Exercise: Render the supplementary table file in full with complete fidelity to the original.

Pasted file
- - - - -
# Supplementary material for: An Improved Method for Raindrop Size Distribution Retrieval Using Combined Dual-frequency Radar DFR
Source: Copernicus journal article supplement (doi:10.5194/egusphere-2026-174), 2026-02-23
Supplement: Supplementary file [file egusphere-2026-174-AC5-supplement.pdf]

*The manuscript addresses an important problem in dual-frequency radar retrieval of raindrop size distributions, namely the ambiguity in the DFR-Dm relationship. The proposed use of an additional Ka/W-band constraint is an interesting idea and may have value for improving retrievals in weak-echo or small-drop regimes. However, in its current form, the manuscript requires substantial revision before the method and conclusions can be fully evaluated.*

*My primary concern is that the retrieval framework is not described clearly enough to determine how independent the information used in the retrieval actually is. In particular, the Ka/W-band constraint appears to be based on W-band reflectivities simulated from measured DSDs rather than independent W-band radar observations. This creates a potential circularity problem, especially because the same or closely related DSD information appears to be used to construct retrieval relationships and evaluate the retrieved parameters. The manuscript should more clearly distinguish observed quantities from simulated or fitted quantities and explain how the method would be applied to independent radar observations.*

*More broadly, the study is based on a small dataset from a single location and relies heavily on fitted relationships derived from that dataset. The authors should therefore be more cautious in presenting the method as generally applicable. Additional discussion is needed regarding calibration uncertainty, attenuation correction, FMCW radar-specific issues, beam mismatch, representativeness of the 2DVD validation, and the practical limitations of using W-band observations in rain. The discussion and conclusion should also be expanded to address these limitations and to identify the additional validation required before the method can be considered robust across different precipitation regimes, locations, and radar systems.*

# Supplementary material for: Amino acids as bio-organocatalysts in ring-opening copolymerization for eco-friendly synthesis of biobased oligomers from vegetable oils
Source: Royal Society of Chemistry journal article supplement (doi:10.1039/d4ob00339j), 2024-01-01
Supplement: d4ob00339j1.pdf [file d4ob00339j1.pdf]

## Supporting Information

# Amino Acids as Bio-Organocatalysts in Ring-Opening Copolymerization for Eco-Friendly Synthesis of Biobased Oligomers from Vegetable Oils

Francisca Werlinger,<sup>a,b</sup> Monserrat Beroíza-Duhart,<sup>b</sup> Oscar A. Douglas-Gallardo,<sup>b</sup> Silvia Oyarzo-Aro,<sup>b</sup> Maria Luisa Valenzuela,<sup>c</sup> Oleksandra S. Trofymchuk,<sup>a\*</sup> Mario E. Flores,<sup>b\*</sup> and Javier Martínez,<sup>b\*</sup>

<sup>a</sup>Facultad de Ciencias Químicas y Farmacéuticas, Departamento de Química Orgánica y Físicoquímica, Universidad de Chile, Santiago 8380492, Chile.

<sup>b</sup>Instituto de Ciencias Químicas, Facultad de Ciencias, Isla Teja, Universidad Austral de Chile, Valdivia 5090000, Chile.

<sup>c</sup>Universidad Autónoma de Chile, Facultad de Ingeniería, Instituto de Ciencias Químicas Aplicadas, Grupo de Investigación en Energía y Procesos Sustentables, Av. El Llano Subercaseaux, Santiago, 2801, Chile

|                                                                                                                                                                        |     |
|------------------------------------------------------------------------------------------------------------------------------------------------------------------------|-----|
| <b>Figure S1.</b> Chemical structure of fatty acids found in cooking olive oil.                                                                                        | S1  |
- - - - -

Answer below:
# Supplementary material for: An Improved Method for Raindrop Size Distribution Retrieval Using Combined Dual-frequency Radar DFR
Source: Copernicus journal article supplement (doi:10.5194/egusphere-2026-174), 2026-02-23
Supplement: Supplementary file [file egusphere-2026-174-AC5-supplement.pdf]

*The manuscript addresses an important problem in dual-frequency radar retrieval of raindrop size distributions, namely the ambiguity in the DFR-Dm relationship. The proposed use of an additional Ka/W-band constraint is an interesting idea and may have value for improving retrievals in weak-echo or small-drop regimes. However, in its current form, the manuscript requires substantial revision before the method and conclusions can be fully evaluated.*

*My primary concern is that the retrieval framework is not described clearly enough to determine how independent the information used in the retrieval actually is. In particular, the Ka/W-band constraint appears to be based on W-band reflectivities simulated from measured DSDs rather than independent W-band radar observations. This creates a potential circularity problem, especially because the same or closely related DSD information appears to be used to construct retrieval relationships and evaluate the retrieved parameters. The manuscript should more clearly distinguish observed quantities from simulated or fitted quantities and explain how the method would be applied to independent radar observations.*

*More broadly, the study is based on a small dataset from a single location and relies heavily on fitted relationships derived from that dataset. The authors should therefore be more cautious in presenting the method as generally applicable. Additional discussion is needed regarding calibration uncertainty, attenuation correction, FMCW radar-specific issues, beam mismatch, representativeness of the 2DVD validation, and the practical limitations of using W-band observations in rain. The discussion and conclusion should also be expanded to address these limitations and to identify the additional validation required before the method can be considered robust across different precipitation regimes, locations, and radar systems.*

# Supplementary material for: Amino acids as bio-organocatalysts in ring-opening copolymerization for eco-friendly synthesis of biobased oligomers from vegetable oils
Source: Royal Society of Chemistry journal article supplement (doi:10.1039/d4ob00339j), 2024-01-01
Supplement: d4ob00339j1.pdf [file d4ob00339j1.pdf]

## Supporting Information

# Amino Acids as Bio-Organocatalysts in Ring-Opening Copolymerization for Eco-Friendly Synthesis of Biobased Oligomers from Vegetable Oils

Francisca Werlinger,<sup>a,b</sup> Monserrat Beroíza-Duhart,<sup>b</sup> Oscar A. Douglas-Gallardo,<sup>b</sup> Silvia Oyarzo-Aro,<sup>b</sup> Maria Luisa Valenzuela,<sup>c</sup> Oleksandra S. Trofymchuk,<sup>a\*</sup> Mario E. Flores,<sup>b\*</sup> and Javier Martínez,<sup>b\*</sup>

<sup>a</sup>Facultad de Ciencias Químicas y Farmacéuticas, Departamento de Química Orgánica y Físicoquímica, Universidad de Chile, Santiago 8380492, Chile.

<sup>b</sup>Instituto de Ciencias Químicas, Facultad de Ciencias, Isla Teja, Universidad Austral de Chile, Valdivia 5090000, Chile.

<sup>c</sup>Universidad Autónoma de Chile, Facultad de Ingeniería, Instituto de Ciencias Químicas Aplicadas, Grupo de Investigación en Energía y Procesos Sustentables, Av. El Llano Subercaseaux, Santiago, 2801, Chile

|                                                                                                                                                                        |     |
|------------------------------------------------------------------------------------------------------------------------------------------------------------------------|-----|
| <b>Figure S1.</b> Chemical structure of fatty acids found in cooking olive oil.                                                                                        | S1  |